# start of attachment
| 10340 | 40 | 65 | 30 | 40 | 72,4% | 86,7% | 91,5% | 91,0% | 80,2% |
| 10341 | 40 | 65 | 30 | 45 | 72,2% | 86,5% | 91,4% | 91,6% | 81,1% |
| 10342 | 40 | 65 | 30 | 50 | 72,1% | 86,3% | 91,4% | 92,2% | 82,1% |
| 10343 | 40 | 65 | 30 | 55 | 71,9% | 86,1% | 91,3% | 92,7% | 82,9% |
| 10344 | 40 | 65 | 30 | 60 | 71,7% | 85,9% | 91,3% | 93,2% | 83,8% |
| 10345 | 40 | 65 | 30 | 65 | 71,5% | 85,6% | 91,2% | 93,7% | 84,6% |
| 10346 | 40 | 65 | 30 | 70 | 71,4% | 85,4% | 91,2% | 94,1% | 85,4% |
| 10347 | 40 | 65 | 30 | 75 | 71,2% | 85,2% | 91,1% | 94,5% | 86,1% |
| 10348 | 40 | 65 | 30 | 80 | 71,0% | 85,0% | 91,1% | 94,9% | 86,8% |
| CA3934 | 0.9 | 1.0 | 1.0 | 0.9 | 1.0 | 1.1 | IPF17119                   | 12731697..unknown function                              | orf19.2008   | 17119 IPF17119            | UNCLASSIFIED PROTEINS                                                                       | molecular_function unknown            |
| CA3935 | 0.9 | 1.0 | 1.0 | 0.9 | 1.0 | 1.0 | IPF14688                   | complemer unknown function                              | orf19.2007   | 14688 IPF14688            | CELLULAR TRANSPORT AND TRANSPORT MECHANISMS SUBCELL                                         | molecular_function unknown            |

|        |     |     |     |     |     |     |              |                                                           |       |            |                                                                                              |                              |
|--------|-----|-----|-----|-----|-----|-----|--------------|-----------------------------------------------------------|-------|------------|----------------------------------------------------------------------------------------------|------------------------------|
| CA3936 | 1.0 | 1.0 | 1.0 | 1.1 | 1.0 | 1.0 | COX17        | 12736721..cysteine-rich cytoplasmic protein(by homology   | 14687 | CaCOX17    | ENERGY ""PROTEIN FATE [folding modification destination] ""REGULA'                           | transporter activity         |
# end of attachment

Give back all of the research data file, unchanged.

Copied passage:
| 10340 | 40 | 65 | 30 | 40 | 72,4% | 86,7% | 91,5% | 91,0% | 80,2% |
| 10341 | 40 | 65 | 30 | 45 | 72,2% | 86,5% | 91,4% | 91,6% | 81,1% |
| 10342 | 40 | 65 | 30 | 50 | 72,1% | 86,3% | 91,4% | 92,2% | 82,1% |
| 10343 | 40 | 65 | 30 | 55 | 71,9% | 86,1% | 91,3% | 92,7% | 82,9% |
| 10344 | 40 | 65 | 30 | 60 | 71,7% | 85,9% | 91,3% | 93,2% | 83,8% |
| 10345 | 40 | 65 | 30 | 65 | 71,5% | 85,6% | 91,2% | 93,7% | 84,6% |
| 10346 | 40 | 65 | 30 | 70 | 71,4% | 85,4% | 91,2% | 94,1% | 85,4% |
| 10347 | 40 | 65 | 30 | 75 | 71,2% | 85,2% | 91,1% | 94,5% | 86,1% |
| 10348 | 40 | 65 | 30 | 80 | 71,0% | 85,0% | 91,1% | 94,9% | 86,8% |
| CA3934 | 0.9 | 1.0 | 1.0 | 0.9 | 1.0 | 1.1 | IPF17119                   | 12731697..unknown function                              | orf19.2008   | 17119 IPF17119            | UNCLASSIFIED PROTEINS                                                                       | molecular_function unknown            |
| CA3935 | 0.9 | 1.0 | 1.0 | 0.9 | 1.0 | 1.0 | IPF14688                   | complemer unknown function                              | orf19.2007   | 14688 IPF14688            | CELLULAR TRANSPORT AND TRANSPORT MECHANISMS SUBCELL                                         | molecular_function unknown            |

|        |     |     |     |     |     |     |              |                                                           |       |            |                                                                                              |                              |
|--------|-----|-----|-----|-----|-----|-----|--------------|-----------------------------------------------------------|-------|------------|----------------------------------------------------------------------------------------------|------------------------------|
| CA3936 | 1.0 | 1.0 | 1.0 | 1.1 | 1.0 | 1.0 | COX17        | 12736721..cysteine-rich cytoplasmic protein(by homology   | 14687 | CaCOX17    | ENERGY ""PROTEIN FATE [folding modification destination] ""REGULA'                           | transporter activity         |